The Truth about a Publisher by Sir Stanley Unwin (George Allen & Unwin, 1960)

  • The Truth About Publishing by Sir Stanley Unwin (George Allen & Unwin, 1960)
  • UQP: the writers’ press 1948–1998 edited by Craig Munro (UQP, 1998)
  • Victor Gollancz: a biography by Ruth Dudley Edwards (Gollancz, 1987)

‘One Red Shoe’ one of our very best, says Magpies

One Red Show is just released

‘One Red Shoe’ depicts children’s lives in a Middle East war zone

A wonderful review for our new title, One Red Shoe from Joy Lawn in the July issue of Magpies magazine. Here’s an extract:

Wilkins Farago is a publisher who discovers exemplary picture books form around the world and publishes them in Australia. One Red Shoe, one of Germany’s five ‘Most Beautiful Children’s Books’ in 2103, equals the best of the their titles …

Told from an adult’s point of view, One Red Shoe is a sophisticated and powerful story for older readers … This picture book reveals a situation that we may not want to acknowledge, but one that should be faced and grappled with.

One Red Shoe, written by Karin Gruss and illustrated by Tobias Krejtschi, is in bookstores now.

A champion of children’s books

9780987109989The July edition of Magpies magazine features reviews of two of our new books: Oyvind Torseter’s The Hole and Karis Gruss and Tobias Krejschi’s One Red Shoe (more of the latter review in a later post).

Poignantly, the review of The Hole was written by Jo Goodman, who died earlier this month.

A tireless champion of children’s literature for many, many years, Jo was one of our great enthusiasts and an astute judge of a book. To learn more about her life in kids’ books, read Dr Belle Alderman’s touching tribute. She will be missed.

Over the years, Jo reviewed several of our books and was a great supporter of our publishing. Her extensive interview with Davide Cali in Vol. 27 of Magpies magazine was a culmination of that interest.

I first met Jo around 20 years ago, when I was just starting out as a publisher. It’s moving to consider that one of her last reviews was for a Wilkins Farago book.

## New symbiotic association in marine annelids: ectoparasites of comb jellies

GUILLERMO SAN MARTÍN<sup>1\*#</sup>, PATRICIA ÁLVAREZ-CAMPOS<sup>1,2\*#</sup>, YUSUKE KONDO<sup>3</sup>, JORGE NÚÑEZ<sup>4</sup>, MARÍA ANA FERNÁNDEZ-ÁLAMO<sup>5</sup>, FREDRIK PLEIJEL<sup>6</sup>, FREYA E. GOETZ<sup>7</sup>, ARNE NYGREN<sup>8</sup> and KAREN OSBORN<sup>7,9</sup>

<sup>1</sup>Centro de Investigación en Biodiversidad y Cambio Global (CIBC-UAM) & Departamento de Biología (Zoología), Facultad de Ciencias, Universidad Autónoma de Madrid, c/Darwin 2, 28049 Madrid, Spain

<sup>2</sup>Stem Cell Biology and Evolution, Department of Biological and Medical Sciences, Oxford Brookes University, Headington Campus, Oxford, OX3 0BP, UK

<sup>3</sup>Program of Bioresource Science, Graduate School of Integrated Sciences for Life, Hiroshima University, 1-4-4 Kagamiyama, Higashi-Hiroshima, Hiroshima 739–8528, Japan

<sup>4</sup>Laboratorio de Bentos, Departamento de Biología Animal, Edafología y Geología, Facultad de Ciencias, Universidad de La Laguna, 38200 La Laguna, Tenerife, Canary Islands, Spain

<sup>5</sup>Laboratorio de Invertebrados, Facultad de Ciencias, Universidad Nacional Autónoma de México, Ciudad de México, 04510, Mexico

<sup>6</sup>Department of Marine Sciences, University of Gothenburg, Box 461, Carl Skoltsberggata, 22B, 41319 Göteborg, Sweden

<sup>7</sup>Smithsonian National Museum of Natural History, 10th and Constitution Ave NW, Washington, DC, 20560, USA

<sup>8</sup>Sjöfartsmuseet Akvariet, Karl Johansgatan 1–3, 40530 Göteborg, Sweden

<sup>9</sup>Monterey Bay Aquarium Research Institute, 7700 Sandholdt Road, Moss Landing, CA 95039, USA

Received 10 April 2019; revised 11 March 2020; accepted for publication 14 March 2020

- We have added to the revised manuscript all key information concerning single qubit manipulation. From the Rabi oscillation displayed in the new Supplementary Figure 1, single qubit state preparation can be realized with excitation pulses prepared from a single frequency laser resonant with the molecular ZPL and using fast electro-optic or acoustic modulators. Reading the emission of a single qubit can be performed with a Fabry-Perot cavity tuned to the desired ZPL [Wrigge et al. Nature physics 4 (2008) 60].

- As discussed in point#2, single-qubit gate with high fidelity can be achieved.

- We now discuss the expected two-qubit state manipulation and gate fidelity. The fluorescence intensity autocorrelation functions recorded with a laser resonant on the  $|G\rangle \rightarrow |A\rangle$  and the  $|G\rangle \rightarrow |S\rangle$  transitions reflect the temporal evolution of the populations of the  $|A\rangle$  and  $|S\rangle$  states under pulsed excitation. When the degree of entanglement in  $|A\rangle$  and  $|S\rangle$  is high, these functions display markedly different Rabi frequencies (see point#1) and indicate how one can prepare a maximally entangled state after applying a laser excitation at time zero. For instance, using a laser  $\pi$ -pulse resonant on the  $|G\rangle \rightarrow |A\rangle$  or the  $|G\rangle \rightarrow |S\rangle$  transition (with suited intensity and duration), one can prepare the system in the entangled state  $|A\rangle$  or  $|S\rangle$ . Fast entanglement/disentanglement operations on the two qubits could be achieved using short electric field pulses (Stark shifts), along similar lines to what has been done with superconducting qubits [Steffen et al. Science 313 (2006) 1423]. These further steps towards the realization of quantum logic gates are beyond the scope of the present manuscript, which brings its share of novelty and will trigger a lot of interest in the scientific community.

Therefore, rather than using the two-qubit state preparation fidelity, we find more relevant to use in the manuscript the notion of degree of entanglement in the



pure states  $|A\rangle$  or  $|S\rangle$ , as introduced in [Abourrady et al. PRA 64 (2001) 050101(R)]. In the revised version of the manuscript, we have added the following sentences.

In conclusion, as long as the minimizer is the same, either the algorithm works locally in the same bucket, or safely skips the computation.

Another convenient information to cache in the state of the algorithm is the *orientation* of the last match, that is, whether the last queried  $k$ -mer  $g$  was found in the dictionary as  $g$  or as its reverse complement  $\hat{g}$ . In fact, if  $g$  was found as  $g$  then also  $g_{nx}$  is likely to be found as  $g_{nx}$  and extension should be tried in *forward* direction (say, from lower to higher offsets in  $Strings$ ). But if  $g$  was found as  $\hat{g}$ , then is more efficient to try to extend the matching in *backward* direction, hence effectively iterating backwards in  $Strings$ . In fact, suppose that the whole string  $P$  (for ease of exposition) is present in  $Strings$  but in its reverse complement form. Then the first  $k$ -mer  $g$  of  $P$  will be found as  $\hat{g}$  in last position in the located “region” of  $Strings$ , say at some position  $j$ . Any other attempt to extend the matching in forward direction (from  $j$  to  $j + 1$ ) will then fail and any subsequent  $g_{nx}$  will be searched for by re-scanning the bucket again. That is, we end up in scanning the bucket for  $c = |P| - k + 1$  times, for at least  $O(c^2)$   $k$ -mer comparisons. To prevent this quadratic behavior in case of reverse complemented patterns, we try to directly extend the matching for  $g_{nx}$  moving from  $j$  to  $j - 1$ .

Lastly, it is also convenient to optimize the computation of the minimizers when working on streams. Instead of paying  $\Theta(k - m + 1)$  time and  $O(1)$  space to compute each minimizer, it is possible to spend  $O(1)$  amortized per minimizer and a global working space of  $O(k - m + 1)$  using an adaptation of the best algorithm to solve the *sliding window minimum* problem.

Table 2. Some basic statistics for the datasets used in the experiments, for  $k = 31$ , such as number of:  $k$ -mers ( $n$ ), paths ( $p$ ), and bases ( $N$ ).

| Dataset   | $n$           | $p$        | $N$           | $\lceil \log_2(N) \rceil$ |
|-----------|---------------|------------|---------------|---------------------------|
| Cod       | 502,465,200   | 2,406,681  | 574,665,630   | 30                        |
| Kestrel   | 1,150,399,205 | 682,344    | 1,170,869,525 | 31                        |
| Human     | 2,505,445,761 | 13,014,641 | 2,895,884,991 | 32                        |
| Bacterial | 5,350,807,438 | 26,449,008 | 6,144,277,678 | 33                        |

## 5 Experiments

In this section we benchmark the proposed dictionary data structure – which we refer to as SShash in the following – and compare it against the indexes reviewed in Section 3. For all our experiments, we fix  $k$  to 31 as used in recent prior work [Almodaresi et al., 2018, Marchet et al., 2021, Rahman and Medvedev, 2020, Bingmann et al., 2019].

Of The Hole, she wrote:

This is a book to intrigue readers and to generate a wide variety of playful and philosophical responses and interpretations.

Thanks, Jo. Rest in peace.

—Andrew

A picture book set in … a war zone

One of Tobias Krejschi's award-winning illustrations for 'One Red Shoe'

One of Tobias Krejschi’s award-winning illustrations for ‘One Red Shoe’

How do you even start to explain to a child what’s happening in the Middle East?

In the past couple of weeks, we’ve seen some dreadful reports from Israel and the Gaza Strip.

Do we turn off the TV and radio and hide the newspaper? I’ve been sorely tempted.

We’re lucky in Australia that violence on such a scale is largely alien to us. It would be forgivable for kids here to think that such problems are ‘overseas problems’ with little relevance to their lives.

But, of course, we know that such ‘overseas problems’ have a history of finding their way to us sooner or later, often in ways we don’t expect—in the past century, Australia has not been immune to terrorism, refugees or war.

Earlier this year, we bought the rights to Karin Gruss and Tobias Kreijschi’s One Red Shoe, a picture book for older readers set in a place which could well be the Gaza Strip. It was published a month ago—before the tragic events of recent weeks.

It’s the challenging story of a photojournalist sent out to cover the bombing of a school bus by his newspaper. He encounters an injured child in hospital whose single red sneaker is identical to those in a pair he recently gave his far-away nephew.

The red sneaker reminds the photographer that, but for an accident of geography, the injured child could be his nephew.

One_Red_Shoe_07_16With great sensitivity, One Red Shoe allows the reader to leave their own world of relative safety and comfort and enter a war zone. It encourages them to imagine what it might be like for the children who live there. What if that injured child were me, or one of my friends? What if it was me trying to play in those streets of rubble?

The book doesn’t attempt to pick sides or go into the complex background of the Middle East’s problems. It’s just a picture book, after all.

But it does encourage empathy in the reader—empathy for the suffering. From that empathy may spring a desire for greater understanding of situations around world where violence reigns.

The world is not a great place for many millions of children who are forced to grow up in harm’s way.

If One Red Shoe can encourage our children to feel more empathy for others’ circumstances, and to be a little more grateful for their own good fortune, then it may well have served its purpose.